Ukraine’s third largest city, Odessa sits on the Black Sea coast. Catherine the Great founded it at the end of the 18th century, as a well-designed bolthole by the sea, full of baroque and renaissance buildings, and she invited immigrants from all over Europe to settle here. Odessa became a multicultural place, home to Jews, Turks, Armenians, Italians, Germans and Poles. This diversity proved its downfall come WWII, with a massacre of Jews here in 1941 and 1942. Today, Odessa’s tree lined streets and sandy beaches are popular again and many of its great buildings, left to decline during Soviet times, are being restored.


This is one of Europe’s strangest destinations. It’s a self-declared republic occupying a narrow strip of land in the east of Moldova, which declared independence after the Soviet Union broke into pieces in 1991. This microstate is officially only recognised by the people who live there and other unrecognised breakaway Soviet states – a fairly niche crowd – but it has its own currency, postal service and border force. Transnistria clings fiercely to the former Soviet days and is staunchly pro-Russian, although it gets little financial support in return. There are busts of Lenin all over its capital city, Tiraspol. Nearby, the town of Tighina was once an important trading centre and has an impressive 16th century fortress standing on the right bank of the Dniester River.

Our top Ukraine Holiday

Eastern Europe small group tour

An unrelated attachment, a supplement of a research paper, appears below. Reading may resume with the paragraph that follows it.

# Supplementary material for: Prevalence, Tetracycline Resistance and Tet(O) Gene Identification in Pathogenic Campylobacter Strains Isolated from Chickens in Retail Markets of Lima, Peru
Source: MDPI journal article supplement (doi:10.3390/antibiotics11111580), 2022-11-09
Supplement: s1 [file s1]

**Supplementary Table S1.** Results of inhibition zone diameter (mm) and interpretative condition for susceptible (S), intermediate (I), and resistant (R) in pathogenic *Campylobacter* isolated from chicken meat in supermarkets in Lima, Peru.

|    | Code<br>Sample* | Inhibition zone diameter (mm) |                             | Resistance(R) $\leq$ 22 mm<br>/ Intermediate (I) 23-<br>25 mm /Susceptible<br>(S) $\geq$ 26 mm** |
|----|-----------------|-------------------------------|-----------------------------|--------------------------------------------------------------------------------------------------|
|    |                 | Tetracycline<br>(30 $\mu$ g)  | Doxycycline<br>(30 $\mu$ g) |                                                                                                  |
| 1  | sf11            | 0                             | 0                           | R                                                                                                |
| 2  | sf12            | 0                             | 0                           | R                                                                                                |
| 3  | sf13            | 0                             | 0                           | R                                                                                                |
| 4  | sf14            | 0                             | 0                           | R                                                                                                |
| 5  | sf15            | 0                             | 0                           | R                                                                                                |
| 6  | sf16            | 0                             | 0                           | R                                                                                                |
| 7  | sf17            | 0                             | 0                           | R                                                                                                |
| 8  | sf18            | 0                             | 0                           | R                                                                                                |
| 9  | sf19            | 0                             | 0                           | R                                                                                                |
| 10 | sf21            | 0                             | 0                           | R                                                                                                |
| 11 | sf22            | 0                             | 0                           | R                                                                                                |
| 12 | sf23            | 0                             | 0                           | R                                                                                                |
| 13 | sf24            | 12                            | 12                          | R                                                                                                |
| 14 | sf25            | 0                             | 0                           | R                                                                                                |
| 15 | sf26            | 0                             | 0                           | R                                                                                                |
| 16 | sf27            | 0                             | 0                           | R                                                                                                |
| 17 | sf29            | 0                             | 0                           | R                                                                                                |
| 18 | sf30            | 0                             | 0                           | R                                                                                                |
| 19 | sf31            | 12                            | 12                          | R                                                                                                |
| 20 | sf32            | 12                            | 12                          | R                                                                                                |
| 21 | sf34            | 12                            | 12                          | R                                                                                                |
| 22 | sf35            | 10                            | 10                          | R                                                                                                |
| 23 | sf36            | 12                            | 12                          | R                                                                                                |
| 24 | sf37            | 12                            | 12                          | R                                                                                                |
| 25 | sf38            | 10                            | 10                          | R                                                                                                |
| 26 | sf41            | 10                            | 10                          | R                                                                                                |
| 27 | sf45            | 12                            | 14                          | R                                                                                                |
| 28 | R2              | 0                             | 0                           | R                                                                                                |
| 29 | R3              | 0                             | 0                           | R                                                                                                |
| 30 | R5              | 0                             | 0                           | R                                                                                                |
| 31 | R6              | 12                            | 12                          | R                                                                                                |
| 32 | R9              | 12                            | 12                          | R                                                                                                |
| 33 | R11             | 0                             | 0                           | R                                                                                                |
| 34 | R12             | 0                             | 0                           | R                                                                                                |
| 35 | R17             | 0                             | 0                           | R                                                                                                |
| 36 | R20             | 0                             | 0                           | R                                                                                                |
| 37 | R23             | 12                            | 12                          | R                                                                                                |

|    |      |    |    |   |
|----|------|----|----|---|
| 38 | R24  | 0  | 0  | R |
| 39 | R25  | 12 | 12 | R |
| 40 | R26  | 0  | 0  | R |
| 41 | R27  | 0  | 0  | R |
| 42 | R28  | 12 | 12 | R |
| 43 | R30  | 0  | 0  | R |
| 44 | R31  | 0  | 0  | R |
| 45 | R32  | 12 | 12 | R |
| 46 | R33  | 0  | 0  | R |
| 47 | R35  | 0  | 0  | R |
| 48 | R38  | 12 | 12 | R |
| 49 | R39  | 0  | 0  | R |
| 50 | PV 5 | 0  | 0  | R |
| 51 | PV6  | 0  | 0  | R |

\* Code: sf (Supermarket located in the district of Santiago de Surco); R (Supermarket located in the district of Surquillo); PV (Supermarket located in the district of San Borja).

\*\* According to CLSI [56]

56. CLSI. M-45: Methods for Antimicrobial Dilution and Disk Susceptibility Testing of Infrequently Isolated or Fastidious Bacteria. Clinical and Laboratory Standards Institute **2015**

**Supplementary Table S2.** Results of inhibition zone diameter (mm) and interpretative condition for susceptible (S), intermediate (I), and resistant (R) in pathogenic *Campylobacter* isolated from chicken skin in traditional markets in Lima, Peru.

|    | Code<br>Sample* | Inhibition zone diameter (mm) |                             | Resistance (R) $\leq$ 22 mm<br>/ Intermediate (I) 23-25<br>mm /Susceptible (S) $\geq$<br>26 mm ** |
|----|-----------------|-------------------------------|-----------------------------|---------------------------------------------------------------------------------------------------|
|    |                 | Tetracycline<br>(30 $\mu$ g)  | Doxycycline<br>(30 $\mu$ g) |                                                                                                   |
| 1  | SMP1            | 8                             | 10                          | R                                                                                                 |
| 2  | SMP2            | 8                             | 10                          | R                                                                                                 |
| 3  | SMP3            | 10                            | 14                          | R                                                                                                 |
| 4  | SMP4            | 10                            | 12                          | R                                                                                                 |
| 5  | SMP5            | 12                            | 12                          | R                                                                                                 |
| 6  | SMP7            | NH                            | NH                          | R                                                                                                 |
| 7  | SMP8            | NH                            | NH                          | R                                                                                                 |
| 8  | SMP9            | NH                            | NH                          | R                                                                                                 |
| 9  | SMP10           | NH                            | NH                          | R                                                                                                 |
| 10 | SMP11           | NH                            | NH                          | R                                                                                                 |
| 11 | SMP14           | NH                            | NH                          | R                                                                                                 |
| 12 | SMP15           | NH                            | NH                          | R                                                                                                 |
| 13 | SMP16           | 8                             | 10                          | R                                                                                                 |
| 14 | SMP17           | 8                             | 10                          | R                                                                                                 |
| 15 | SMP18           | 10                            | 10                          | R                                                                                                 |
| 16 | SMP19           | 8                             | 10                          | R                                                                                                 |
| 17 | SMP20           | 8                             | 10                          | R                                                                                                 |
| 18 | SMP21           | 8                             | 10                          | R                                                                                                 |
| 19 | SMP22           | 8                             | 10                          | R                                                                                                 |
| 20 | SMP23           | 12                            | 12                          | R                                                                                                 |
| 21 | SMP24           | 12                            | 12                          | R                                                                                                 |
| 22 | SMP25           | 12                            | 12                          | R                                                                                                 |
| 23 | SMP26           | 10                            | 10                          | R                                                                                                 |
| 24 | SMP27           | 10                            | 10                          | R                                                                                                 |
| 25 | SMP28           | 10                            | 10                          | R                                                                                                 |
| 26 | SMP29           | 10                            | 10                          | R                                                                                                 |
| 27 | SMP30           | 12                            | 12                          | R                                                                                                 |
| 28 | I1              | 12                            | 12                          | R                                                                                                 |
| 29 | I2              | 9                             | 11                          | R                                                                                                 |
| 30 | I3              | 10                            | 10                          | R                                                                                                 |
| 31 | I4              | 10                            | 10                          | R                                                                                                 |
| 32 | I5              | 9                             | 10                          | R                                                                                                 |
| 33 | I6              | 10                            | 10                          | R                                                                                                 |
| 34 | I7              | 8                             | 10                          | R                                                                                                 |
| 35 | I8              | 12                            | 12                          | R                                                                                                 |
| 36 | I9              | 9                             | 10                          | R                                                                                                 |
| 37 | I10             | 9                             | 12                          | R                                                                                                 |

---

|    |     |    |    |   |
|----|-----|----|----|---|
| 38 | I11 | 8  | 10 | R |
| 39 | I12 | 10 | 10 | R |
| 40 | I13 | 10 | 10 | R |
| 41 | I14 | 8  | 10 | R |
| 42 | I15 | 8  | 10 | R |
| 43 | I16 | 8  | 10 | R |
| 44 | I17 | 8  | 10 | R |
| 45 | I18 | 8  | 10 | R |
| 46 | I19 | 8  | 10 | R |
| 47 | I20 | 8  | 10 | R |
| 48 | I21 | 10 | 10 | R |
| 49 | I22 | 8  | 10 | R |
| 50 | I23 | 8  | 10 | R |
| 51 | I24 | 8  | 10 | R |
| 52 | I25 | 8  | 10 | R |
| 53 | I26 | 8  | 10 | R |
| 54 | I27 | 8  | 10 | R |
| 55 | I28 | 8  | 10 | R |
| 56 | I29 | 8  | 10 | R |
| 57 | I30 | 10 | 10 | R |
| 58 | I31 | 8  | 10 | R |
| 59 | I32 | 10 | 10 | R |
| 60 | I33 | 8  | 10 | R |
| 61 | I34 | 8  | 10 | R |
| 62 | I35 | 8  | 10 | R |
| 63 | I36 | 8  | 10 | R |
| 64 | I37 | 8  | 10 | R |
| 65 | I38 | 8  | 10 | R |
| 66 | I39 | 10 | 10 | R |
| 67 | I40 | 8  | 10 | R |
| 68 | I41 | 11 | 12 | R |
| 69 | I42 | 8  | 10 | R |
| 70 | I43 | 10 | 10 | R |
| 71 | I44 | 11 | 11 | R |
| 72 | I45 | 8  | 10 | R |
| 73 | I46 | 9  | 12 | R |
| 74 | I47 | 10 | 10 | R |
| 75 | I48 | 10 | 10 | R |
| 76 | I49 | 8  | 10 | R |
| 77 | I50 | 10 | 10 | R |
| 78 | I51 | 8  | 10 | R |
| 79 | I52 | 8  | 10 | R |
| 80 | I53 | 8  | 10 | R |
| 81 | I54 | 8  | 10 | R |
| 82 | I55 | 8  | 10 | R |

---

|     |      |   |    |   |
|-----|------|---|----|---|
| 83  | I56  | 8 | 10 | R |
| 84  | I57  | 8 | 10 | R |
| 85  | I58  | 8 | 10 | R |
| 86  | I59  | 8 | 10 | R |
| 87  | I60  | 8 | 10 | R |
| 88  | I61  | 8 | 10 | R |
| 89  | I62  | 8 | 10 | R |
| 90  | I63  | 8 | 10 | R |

Eastern Europe small group tour

Explore the best of Eastern Europe's least visited regions

From £3475 22 days ex flights
Small group travel:
Travel Team
If you'd like to chat about Ukraine or need help finding a holiday to suit you we're very happy to help.


Organised tours to Moldova and Ukraine are typically run as small group trips, with no more than 16 people and a tour leader. There will also be local guides at certain places. Transport is by private bus and train, with some tours using the sleeper train between Odessa and Lviv. Distances between key sights in Ukraine are often long, so expect some fairly chunky journeys. The train between Lviv and Kyiv, for instance, takes eight hours. Crossing the border between the two countries can also take a little while – pack some patience with your passport.

Travelling in Moldova and Ukraine is all about soaking up cultural sights and not hiking up trails or lazing on beaches. There are often guided city tours in the morning with free time to explore under your own steam in the afternoon and the pace is busy enough to give a good overview of the two countries without feeling like you’re on a whistle-stop tour.
Written by Joanna Simmons
Photo credits: [Page banner: Michal Huniewicz] [Top box (Transnistria): Clay Gilliland] [Chernobyl: Jorge Franganillo] [Odessa: Oleksii Leonov]